SAMBAL hijau better known as sambal ijo or sambal lado is a significant condiment in Indonesian cuisine. Savoury with slight hints of heat, the green chilli sambal is a must-have with any Indonesian meal be it Padang, Sundanese or even Minangkabau cuisine. Its importance can be likened to sambal belacan’s pride of place among Malaysians especially when savouring Malay or Nyonya food.
There are many recipes formaking sambal hijau but the simplest one calls for green chillies, bird’s eye chilli, green or red tomatoes, onions and garlic sauteed in oil until the onions turn translucent. The cooked items are then blended to a rough paste before being sauteed in a wok again. This results in a paste that is ever so tasty and I enjoyed relishing it with fried fish like gurame, deep-fried duck, fried tempeh or even fried tauhu when in Indonesia. The appetising flavour of sambal hijau impressed my taste buds 20 years ago during a trip to Bali when I chanced upon an eatery selling nasi Padang. I liked it so much that I wanted to eat sambal hijau every day while in Kuta and Ubud.
Discovering its appealing taste led me to scour the Internet for different green chilli sambal recipes to recreate in my kitchen. Indonesian cooks Seri and Sofia at the office cafeteria have been helpful in providing tips for making the condiment which they often prepare for lunch alongside an array of local dishes. What is interesting about sambal hijau is the room for creativity it allows when playing with the ingredients.
Some cooks add terasi (shrimp paste or belacan), those with a liking for aromatics might throw in lemongrass or even galangal, some add lime and others include either ikan bilis or dried shrimp to flavour the sambal paste. Sambal hijau can be the ideal vessel to carry ingredients like prawns, squid, fish and chicken similar to how Malaysians use the fiery red sambal as a base for sambal udang, sambal ikan, sambal sotong and sambal ayam.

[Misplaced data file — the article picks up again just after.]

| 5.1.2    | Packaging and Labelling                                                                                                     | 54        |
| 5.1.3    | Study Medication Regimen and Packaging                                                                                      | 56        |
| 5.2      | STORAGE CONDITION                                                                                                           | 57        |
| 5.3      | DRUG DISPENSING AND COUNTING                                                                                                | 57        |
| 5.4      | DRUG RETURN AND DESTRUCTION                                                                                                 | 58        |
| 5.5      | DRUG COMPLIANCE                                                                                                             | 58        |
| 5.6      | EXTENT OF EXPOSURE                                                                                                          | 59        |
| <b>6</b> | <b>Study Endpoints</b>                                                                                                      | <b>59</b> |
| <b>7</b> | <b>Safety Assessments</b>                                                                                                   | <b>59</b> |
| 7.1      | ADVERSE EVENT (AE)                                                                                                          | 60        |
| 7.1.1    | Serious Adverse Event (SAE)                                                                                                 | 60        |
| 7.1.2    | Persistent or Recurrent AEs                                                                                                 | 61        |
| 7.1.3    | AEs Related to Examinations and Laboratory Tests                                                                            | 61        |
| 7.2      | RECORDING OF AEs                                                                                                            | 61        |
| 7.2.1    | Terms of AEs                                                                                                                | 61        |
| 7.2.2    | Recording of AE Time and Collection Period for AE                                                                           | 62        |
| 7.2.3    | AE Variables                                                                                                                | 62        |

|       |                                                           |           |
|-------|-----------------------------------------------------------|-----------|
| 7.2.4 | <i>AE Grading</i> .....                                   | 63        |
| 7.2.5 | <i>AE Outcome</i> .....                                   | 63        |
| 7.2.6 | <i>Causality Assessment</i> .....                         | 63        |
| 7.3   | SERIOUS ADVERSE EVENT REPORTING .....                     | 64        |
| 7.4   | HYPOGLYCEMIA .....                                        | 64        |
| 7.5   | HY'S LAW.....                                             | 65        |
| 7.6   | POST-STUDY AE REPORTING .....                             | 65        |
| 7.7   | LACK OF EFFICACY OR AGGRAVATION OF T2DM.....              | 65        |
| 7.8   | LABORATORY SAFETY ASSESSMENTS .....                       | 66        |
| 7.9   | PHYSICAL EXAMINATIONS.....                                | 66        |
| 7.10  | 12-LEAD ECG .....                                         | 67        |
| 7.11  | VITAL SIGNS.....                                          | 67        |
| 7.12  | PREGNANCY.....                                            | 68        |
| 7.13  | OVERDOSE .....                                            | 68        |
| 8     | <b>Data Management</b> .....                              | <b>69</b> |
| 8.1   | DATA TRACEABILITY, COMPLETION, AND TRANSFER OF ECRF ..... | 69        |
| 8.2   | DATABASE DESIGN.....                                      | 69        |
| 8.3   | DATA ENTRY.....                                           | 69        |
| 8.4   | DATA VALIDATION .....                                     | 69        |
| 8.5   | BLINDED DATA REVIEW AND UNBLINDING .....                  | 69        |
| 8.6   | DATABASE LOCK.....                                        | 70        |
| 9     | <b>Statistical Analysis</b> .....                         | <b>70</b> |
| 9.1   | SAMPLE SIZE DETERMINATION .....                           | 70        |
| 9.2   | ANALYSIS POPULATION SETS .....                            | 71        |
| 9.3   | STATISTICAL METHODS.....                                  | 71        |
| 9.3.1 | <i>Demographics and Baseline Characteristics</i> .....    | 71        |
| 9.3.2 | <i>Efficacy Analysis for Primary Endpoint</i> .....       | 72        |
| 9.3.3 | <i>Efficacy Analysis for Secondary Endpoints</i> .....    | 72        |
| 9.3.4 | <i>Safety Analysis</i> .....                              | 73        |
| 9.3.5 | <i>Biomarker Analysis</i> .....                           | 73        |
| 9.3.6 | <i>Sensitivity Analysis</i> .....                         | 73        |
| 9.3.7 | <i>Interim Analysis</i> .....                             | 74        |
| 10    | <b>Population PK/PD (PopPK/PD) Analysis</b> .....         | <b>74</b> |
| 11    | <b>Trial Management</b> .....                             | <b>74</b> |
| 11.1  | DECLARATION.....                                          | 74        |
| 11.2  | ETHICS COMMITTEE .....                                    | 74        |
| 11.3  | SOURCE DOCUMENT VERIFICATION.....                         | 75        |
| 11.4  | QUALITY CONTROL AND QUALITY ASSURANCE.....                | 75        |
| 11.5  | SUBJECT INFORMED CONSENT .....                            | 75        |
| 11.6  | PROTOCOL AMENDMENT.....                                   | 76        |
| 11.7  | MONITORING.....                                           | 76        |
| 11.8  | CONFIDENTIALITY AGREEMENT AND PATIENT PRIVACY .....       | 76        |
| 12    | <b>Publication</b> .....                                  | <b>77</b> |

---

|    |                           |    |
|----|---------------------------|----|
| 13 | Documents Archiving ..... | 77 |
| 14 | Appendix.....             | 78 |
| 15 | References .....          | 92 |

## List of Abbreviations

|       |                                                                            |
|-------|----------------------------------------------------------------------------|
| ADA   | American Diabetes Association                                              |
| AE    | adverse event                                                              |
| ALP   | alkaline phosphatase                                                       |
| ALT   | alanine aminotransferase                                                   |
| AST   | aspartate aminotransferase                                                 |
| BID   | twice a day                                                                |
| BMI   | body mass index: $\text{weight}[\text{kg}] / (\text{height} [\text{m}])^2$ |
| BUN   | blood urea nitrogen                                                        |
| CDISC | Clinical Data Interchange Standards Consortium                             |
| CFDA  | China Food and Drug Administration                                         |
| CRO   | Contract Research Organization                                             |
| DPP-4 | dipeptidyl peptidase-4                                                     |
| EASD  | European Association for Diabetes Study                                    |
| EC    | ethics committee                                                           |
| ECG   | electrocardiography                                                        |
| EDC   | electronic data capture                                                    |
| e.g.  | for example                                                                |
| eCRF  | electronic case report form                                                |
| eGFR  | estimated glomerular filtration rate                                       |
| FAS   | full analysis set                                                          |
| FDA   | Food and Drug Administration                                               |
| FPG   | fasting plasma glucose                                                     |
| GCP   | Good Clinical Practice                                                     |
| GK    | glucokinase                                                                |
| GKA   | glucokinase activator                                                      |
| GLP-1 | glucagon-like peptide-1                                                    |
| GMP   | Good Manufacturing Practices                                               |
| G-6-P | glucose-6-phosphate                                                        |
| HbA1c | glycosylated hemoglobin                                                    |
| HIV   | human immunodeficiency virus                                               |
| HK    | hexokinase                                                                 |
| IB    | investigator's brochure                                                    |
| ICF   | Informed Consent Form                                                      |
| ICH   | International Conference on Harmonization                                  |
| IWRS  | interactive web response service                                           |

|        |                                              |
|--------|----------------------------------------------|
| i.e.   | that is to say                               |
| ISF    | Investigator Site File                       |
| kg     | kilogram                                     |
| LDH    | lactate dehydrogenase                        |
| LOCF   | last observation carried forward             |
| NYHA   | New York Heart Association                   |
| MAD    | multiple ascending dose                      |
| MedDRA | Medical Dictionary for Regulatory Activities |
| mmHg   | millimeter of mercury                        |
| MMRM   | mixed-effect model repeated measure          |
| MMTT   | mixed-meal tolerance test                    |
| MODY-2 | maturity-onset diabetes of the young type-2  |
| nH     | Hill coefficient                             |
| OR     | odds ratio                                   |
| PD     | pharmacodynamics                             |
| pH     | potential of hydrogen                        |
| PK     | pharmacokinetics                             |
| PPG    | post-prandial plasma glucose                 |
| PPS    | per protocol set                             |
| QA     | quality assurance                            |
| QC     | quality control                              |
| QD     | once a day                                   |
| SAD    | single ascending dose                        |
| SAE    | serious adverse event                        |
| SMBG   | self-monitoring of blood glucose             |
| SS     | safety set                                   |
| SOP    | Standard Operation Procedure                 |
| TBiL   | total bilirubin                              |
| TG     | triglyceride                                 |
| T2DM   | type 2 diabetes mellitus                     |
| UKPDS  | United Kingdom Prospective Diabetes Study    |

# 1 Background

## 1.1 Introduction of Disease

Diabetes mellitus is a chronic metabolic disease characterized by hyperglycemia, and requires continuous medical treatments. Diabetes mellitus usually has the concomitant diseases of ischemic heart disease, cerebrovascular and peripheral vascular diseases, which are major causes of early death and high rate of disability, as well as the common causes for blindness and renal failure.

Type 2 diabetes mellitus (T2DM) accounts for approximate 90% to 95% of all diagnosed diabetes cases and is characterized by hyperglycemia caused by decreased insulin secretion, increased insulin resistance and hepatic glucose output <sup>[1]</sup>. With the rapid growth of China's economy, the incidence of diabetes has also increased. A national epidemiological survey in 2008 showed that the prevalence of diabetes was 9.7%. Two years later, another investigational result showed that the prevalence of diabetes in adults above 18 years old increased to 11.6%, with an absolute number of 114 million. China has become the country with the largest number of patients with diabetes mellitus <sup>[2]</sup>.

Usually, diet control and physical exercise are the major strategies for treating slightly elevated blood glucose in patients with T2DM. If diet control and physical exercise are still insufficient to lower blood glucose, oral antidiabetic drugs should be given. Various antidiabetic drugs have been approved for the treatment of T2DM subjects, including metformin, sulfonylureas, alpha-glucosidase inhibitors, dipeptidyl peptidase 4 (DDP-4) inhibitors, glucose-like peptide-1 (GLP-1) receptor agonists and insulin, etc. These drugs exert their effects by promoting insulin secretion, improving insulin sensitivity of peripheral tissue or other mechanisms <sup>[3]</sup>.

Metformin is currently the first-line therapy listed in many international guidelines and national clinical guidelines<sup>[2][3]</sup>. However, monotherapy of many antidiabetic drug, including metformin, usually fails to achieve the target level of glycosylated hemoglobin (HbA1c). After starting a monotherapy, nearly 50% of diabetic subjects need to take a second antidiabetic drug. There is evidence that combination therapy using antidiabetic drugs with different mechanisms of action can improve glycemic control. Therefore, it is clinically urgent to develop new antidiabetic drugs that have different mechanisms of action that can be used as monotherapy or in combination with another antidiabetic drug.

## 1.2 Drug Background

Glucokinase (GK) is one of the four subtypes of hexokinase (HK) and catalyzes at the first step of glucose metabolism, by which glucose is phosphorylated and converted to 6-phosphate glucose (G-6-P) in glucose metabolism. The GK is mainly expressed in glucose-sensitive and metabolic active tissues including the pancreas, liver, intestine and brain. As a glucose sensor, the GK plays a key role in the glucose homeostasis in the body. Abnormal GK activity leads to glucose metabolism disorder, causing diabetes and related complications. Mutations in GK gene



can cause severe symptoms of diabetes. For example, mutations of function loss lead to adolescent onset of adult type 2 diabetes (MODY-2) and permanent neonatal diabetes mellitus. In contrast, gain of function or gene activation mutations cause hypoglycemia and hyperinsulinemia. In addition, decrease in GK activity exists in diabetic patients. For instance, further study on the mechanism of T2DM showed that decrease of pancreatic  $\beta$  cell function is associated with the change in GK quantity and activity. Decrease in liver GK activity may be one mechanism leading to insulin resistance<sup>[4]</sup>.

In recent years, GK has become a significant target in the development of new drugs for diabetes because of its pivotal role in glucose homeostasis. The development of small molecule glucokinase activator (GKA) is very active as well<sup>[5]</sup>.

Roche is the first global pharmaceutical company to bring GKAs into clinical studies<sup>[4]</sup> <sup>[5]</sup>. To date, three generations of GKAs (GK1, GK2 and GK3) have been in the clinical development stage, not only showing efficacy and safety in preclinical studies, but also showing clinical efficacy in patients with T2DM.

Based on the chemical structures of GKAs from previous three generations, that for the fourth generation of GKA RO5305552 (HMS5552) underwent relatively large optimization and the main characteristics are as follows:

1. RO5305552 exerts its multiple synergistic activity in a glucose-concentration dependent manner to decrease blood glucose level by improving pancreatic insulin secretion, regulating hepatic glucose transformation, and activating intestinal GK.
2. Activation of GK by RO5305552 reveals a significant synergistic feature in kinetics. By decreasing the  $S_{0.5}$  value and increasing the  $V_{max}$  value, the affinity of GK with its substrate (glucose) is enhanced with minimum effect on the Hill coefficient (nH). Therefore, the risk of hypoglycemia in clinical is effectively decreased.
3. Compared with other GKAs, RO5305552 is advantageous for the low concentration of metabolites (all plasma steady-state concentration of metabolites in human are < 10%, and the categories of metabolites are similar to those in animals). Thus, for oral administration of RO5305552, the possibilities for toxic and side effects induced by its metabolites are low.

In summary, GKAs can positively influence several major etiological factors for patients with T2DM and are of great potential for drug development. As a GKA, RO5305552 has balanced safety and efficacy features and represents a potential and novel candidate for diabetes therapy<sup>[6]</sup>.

There is no hard and fast rule when making sambal hijau so my advice to readers is to go simple before you go big. Here is a sambal hijau recipe with prawns that has 60 bird’s eye chilli among the ingredients.
My schoolmate Sailesh Velayuthan was horrified upon noticing the amount of chillies in the recipe and questioned my sanity but worry not, there are enough onions to tone down the heat. The amount of chillies can be reduced depending on your heat tolerance level.
- 6 to 8 green chillies
- 60 bird’s eye chillies (35g)
- 1 red tomato
- 1 big onion
- 8 shallots
- 6 cloves garlic
- 1 inch (20g) galangal (optional)
- 2 stalks lemongrass
- 2 tbsp belacan powder/ 8g belacan cube
- 300g large fresh prawns
- 20g udang kering (dried shrimp)
- ½ tsp to 1 tsp Sugar
- ½ tsp Salt
- ½ cup of oil
- Toast dried shrimp in a pan over medium heat until fragrant.
- Use a mortar and pestle to pound the dried shrimp until it becomes floss-like. Set aside.
- Slice shallots and set aside.
- Dice the big onion, garlic and tomato and transfer to a liquidiser.
- Chop the galangal and green chillies and add these as well as bird’s eye chillies to the blender as well.
- Add ¼ cup oil (or water), salt and sugar and blend to a semi-fine paste.
- Heat ¼ cup of oil in a pot.
- Bruise the lemongrass with a knife or pestle and throw the herb into the oil and allow it to aromatise.
- Then add shallots and stir briefly before putting in the belacan.
- Stir to combine the ingredients before adding the dried shrimp. Keep stirring to prevent the ingredients from browning. An aromatic and pungent smell is to be expected.
- Watch for the shallots to turn translucent before adding in the blended paste. Stir the paste and semi-caramelised ingredients until they combine.
- It is important to stir the sambal hijau to prevent it from burning. Cook until the oil splits.
- Then add fresh prawns and allow to cook. Cover to steam for 30 seconds.
- Gently stir until the prawns curl and change to an orange hue to offer a lovely contrast to the green chilli sambal.
- Remove from heat when done. Serve with warm rice.